The math curriculum is not world-class, according to my 1st-grade analysis of 2011. By 4th grade, most of our students have fallen two years behind in math achievement. Moreover, grade inflation dominates our public schools. Kids get good grades for no good reason to boost their self-esteem, we are told by education leaders. It is nonsense, and it was replaced by so-called social-emotional lessons. Really?    

💡 Thomas Sowell (Discrimination and Disparities, 2019) points out the toxic idea of "equalizing downward by lowering those at the top." He describes it as a crazy idea taught in education schools. The quest for sameness by any meanseven if kids learn less, has been a "fallacy of fairness in education," explains Sowell, a noted black scholar. He writes that not all disparities are discrimination. Many are not.

✍️ Notes from Daniel Willingham, Richard Feynman, Amy Chua, Stanislas Dehaene, and others.
  • To learn something is to remember it.
  • Engagement is not the same as learning. 
  • Critical thinking is difficult to measure.
  • Practice is necessary to improve.
  • The spiral curriculum of J. Bruner failed.
  • Practicing math facts will help with long division.
  • Children need feedback so that they can make corrections.
  • We have good tests that measure content knowledge.
  • Our ability to measure creativity, collaboration, or critical thinking is limited.
  • "Thinking well requires knowing facts.  Factual knowledge must precede [higher level thinking] skill."  
  • Opinion is not science.
  • Your mind is lazy and doesn't want to think.
  • You have to force yourself to recall a fact or a procedure in arithmetic or algebra.
  • To learn effectively, students should quiz themselves at home and school on new content Flashcards give instant feedback. (Stanislas DehaeneHow We Learn, 2020).
  • "Your ideas will never be more effective than your ability to make others grasp them." (Thomas Oppong, 50/50) In short, you have to explain complex stuff so those very young children can begin to grasp it. Many teachers cannot teach content well. (This is similar to a saying by the late Richard Feynman, who, in physics, was the "Great Explainer.")
  • With a good education, you increase differences. (Feynman)
  • "Nothing is fun until you are good at it. Rote repetition is underrated in America" (Amy Chua)
  • A Chinese mother believes that "Schoolwork always comes first; an A-minus is a bad grade; Your children must be two years ahead of their classmates in math." And, "No matter what, you don't talk back to your parents, teachers, elders." (Amy Chua, Battle Hymn of the Tiger Mother, 2011)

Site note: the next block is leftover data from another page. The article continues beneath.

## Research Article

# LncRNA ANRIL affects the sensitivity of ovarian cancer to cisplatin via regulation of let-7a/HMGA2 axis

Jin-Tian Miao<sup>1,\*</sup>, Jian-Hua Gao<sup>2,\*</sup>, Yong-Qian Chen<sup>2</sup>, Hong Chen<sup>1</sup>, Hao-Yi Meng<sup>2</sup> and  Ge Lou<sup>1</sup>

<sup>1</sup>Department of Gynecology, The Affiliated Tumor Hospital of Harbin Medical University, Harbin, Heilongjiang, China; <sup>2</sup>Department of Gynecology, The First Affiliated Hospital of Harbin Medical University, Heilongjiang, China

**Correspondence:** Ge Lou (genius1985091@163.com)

✍️ Radical Ideas 
Let's Equalize Outcomes, Inflate Grades, Teach Less Content, Dump the SAT/ACT for Diversity & Equity, Change OBE (Outcome-Based Education) from academic goals to "feelings" goals, Dump traditional arithmetic (Old School) for reform math that is to world-class, Dump explicit teaching for ineffective Minimal Teacher Guidance During Instruction methods, Dump paper-pencil calculating for calculators, Dump memorization and repetition for content-free critical thinking, etc. The influential leader of these and other radical ideas is Jo Boaler, a "math educator" at Stanford University, not a mathematician or scientist.

✍️ The use of worked examples can substitute for problem-solving in learning Algebra (Sweller). Over many decades, I found that explaining carefully selected worked examples on the board can boost K-5 arithmetic learning (i.e., skills,  ideas, and uses) and middle school algebra, especially when joined with flashcards for retrieval practice from long-term memory (Dehaene). Flashcards have many learning applications: math facts/definitions/procedures, spelling, definitions, vocabulary, procedures, language, and so on. Why do progressive teachers ignore flashcards? (Note: ZOOM is a fad that will fade, but flashcards are not and will come back because they help children learn.) 

✍️ Problem-solving is a function of knowing stuff. Try solving a trig problem without knowing trig or translating Ovid's Metamorphoses without knowing Latin vocabulary and structure.

✍️ There is no substitute for knowledge in long-term memory and the practice that gets it there. It's the cognitive science of learning.